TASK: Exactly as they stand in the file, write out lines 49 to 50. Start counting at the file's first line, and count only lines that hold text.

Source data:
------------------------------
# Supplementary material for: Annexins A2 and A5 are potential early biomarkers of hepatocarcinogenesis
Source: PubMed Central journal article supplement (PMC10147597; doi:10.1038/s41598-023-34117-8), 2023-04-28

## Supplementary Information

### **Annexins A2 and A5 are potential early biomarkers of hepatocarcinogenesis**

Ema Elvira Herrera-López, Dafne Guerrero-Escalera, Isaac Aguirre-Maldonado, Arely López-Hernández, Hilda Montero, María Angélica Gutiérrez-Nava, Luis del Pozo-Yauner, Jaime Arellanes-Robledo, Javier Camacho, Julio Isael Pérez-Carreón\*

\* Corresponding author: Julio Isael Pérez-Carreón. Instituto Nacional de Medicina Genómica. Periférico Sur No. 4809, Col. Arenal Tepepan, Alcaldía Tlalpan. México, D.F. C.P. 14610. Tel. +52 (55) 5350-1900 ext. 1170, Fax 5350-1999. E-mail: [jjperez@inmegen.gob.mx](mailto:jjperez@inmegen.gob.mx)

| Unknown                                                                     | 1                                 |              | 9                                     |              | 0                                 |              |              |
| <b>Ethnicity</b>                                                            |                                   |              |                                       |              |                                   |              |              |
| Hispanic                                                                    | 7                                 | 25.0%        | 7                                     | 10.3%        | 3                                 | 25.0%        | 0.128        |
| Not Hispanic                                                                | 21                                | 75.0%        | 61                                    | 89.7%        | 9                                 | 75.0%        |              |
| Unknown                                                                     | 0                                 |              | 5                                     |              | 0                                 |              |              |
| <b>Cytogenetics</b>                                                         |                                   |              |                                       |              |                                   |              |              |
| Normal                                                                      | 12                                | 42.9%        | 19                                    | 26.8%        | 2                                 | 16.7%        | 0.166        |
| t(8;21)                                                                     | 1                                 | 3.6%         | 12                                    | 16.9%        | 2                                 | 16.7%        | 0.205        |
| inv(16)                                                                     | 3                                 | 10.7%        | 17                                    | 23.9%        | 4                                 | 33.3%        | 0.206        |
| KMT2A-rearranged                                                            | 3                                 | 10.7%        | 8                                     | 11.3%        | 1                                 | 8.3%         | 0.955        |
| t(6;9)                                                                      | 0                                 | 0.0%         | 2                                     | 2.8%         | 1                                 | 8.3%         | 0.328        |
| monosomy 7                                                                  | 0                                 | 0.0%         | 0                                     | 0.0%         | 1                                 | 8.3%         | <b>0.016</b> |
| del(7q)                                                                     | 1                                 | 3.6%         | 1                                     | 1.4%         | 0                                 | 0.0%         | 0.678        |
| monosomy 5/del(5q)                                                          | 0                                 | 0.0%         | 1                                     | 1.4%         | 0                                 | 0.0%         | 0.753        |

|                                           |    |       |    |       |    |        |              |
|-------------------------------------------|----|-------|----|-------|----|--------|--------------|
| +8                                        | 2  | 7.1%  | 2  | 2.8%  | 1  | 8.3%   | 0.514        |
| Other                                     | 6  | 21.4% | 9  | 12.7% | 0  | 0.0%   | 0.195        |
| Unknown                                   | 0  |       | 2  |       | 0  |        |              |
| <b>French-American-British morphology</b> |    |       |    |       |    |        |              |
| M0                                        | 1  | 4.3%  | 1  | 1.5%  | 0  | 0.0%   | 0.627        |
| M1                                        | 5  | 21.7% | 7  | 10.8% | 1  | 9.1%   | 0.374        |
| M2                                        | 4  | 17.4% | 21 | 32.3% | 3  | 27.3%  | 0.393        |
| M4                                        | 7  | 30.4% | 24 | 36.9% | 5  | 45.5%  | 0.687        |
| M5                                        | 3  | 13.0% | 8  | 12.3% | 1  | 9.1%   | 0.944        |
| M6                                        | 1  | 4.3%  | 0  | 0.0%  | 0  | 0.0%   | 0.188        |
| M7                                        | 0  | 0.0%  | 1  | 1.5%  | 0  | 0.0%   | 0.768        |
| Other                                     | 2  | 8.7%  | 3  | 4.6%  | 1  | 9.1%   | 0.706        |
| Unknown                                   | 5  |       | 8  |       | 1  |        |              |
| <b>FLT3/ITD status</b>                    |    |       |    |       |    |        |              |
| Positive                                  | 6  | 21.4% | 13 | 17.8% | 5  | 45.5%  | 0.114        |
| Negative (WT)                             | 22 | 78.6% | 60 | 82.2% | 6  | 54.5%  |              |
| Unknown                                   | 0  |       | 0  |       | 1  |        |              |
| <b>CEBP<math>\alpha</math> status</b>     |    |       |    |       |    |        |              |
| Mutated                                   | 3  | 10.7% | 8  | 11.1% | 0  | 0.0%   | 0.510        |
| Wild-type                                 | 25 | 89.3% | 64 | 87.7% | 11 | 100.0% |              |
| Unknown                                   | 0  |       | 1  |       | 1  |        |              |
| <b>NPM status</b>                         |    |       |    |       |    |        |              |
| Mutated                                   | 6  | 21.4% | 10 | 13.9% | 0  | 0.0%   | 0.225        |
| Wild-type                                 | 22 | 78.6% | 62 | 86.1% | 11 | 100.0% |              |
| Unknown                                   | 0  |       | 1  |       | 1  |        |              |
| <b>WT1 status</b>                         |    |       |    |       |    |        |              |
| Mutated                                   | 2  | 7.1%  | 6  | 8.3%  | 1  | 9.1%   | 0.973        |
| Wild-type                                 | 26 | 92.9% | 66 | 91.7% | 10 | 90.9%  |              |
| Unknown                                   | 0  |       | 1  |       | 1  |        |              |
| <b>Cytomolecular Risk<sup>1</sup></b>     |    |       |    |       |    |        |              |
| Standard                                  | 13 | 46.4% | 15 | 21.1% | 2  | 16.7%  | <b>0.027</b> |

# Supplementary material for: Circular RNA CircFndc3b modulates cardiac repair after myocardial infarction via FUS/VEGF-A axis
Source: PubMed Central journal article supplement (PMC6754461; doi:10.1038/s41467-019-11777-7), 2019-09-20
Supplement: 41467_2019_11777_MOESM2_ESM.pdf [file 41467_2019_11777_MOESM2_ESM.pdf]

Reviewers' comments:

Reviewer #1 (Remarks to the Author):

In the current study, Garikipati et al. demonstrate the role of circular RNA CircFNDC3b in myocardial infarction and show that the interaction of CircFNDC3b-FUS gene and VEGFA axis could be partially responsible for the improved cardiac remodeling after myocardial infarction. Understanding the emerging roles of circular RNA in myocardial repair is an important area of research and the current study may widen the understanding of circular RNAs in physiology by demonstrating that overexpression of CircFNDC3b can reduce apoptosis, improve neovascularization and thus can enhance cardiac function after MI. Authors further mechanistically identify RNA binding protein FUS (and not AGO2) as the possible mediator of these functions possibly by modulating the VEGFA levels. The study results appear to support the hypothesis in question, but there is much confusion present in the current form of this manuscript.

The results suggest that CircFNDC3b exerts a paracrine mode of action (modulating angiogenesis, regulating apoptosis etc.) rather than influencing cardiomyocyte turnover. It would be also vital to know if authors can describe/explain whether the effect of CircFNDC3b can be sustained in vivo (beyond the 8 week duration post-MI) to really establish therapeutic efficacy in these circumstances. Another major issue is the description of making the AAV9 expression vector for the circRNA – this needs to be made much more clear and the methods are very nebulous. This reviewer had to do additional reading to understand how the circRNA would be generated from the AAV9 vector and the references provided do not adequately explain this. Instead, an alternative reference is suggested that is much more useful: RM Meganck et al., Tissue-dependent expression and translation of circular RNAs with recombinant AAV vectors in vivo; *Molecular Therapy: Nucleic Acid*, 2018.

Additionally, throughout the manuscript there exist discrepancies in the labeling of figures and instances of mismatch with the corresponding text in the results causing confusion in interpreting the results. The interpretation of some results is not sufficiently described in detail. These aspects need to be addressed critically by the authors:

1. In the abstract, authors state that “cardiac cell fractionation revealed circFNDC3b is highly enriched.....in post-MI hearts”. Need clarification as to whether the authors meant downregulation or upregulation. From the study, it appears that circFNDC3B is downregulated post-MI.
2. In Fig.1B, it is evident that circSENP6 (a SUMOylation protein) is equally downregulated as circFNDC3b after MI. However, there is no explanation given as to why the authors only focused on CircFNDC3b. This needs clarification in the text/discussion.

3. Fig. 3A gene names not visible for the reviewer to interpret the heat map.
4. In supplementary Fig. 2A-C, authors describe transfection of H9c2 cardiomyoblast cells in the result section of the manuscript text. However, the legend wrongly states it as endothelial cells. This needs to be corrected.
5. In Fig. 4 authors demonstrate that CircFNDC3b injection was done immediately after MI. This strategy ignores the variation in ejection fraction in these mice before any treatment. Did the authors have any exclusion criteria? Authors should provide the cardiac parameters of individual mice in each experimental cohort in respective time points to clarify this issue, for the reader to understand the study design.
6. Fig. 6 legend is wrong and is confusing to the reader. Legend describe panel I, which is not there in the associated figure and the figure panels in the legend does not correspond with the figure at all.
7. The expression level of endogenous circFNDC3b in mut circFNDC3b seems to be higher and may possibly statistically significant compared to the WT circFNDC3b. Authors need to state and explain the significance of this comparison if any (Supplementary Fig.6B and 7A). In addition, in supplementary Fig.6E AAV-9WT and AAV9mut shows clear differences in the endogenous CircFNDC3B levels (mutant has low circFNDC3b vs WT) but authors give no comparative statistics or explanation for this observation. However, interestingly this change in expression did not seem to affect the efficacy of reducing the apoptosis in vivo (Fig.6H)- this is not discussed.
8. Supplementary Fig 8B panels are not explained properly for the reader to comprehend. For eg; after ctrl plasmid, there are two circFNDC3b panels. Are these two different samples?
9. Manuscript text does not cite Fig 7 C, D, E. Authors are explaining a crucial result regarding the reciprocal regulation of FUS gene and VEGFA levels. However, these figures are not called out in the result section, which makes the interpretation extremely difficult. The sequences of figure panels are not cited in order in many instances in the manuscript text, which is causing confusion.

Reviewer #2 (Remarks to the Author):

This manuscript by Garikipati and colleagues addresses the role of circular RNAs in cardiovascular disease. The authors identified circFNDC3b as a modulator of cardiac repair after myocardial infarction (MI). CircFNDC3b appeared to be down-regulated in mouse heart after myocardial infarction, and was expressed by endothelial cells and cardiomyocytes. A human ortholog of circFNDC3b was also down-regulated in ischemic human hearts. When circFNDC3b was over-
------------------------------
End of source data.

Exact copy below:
| Mutated                                   | 2  | 7.1%  | 6  | 8.3%  | 1  | 9.1%   | 0.973        |
| Wild-type                                 | 26 | 92.9% | 66 | 91.7% | 10 | 90.9%  |              |